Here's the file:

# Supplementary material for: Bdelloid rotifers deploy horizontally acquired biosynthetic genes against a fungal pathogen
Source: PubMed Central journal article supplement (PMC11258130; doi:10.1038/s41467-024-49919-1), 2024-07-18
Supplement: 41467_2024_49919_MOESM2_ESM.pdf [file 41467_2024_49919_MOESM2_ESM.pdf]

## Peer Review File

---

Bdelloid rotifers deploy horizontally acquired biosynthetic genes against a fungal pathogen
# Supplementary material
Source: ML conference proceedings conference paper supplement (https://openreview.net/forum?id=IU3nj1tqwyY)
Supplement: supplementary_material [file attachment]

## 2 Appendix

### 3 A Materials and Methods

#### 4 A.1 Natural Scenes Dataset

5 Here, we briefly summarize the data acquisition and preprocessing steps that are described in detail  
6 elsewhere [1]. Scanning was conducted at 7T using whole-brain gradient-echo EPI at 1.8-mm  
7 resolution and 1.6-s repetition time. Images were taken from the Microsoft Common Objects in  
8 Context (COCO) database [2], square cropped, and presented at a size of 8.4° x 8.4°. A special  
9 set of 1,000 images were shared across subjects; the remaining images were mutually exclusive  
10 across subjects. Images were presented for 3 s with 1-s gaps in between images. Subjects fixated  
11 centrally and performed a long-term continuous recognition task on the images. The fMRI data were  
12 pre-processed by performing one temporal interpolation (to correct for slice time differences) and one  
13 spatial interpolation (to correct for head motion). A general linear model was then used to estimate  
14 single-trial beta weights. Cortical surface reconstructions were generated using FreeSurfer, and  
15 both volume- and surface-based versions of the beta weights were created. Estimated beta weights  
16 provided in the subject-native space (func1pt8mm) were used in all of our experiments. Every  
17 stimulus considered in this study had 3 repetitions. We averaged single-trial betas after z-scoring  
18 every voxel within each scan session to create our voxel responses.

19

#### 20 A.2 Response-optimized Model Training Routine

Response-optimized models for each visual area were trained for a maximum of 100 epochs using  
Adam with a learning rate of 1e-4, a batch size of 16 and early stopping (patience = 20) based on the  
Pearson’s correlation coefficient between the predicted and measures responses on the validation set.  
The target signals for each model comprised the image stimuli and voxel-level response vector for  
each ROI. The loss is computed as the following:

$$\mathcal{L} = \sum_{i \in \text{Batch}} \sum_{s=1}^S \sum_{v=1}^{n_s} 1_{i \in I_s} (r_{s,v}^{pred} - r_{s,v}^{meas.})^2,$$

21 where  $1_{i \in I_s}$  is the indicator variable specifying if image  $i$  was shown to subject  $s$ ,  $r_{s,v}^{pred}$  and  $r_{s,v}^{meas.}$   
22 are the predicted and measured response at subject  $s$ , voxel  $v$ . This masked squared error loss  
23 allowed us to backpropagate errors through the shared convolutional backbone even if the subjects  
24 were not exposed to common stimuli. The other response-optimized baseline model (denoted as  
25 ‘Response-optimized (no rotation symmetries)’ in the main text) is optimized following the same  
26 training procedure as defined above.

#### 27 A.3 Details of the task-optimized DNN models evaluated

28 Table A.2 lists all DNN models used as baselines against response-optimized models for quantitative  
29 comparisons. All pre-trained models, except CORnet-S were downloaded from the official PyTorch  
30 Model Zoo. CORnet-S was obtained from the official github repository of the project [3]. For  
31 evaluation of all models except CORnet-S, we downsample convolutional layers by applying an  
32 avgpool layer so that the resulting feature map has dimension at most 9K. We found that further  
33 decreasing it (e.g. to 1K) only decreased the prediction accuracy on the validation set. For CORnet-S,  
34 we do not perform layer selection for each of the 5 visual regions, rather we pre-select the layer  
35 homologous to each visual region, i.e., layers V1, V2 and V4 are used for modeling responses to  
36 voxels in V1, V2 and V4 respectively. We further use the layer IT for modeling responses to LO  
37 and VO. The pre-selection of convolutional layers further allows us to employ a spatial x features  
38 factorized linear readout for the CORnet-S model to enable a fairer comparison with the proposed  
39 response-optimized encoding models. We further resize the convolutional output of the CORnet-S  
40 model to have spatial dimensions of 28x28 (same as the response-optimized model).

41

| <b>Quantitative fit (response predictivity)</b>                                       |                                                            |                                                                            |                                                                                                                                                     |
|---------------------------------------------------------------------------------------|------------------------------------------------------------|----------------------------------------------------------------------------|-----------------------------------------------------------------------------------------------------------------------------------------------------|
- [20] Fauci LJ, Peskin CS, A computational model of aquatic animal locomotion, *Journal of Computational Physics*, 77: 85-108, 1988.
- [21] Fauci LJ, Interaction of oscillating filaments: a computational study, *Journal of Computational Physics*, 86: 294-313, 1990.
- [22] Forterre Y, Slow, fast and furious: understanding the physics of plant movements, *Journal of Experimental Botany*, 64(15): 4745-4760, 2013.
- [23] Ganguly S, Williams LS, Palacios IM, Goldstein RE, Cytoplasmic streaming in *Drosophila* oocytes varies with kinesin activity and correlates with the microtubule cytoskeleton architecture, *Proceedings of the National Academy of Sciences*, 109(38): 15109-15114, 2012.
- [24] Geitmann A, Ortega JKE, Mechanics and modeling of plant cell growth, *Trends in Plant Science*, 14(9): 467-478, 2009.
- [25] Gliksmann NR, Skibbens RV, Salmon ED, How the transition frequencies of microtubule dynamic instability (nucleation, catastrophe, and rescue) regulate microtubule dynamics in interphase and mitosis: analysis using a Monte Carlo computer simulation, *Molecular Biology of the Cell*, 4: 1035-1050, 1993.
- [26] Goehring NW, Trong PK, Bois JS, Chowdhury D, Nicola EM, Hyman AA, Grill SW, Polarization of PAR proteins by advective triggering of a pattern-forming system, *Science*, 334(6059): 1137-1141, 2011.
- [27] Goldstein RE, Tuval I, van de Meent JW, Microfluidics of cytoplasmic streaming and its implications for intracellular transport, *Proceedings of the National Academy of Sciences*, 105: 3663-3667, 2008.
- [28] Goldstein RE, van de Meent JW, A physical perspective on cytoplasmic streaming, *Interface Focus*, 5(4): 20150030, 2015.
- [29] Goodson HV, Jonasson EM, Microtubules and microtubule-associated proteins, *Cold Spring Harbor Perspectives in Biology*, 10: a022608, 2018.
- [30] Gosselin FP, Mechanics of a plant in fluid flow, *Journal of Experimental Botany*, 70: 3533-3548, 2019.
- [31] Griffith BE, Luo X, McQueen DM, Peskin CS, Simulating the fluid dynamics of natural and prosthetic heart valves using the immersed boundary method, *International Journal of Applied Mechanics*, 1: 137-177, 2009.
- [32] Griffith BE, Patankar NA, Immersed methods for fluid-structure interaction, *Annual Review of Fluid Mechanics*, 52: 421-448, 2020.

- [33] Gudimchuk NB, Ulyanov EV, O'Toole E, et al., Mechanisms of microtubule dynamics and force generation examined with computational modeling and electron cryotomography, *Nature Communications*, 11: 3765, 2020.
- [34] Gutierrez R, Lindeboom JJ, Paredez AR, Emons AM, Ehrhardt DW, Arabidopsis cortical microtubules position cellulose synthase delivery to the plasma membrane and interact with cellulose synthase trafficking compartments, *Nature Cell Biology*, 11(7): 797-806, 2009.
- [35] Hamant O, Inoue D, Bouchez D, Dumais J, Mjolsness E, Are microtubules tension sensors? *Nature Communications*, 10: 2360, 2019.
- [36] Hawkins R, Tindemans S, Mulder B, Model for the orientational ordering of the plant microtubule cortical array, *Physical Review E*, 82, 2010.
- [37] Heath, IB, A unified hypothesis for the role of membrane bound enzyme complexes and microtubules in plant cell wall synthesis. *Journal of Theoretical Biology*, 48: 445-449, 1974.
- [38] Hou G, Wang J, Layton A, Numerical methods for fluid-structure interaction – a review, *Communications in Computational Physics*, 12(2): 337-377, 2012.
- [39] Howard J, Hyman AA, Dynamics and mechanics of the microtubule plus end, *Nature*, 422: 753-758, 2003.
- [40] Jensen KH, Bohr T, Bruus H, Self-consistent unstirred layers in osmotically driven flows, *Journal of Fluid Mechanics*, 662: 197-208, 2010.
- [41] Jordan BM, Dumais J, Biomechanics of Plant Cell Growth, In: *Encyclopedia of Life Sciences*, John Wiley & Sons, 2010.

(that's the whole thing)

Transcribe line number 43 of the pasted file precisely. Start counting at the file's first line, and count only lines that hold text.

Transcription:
29 comparisons. All pre-trained models, except CORnet-S were downloaded from the official PyTorch  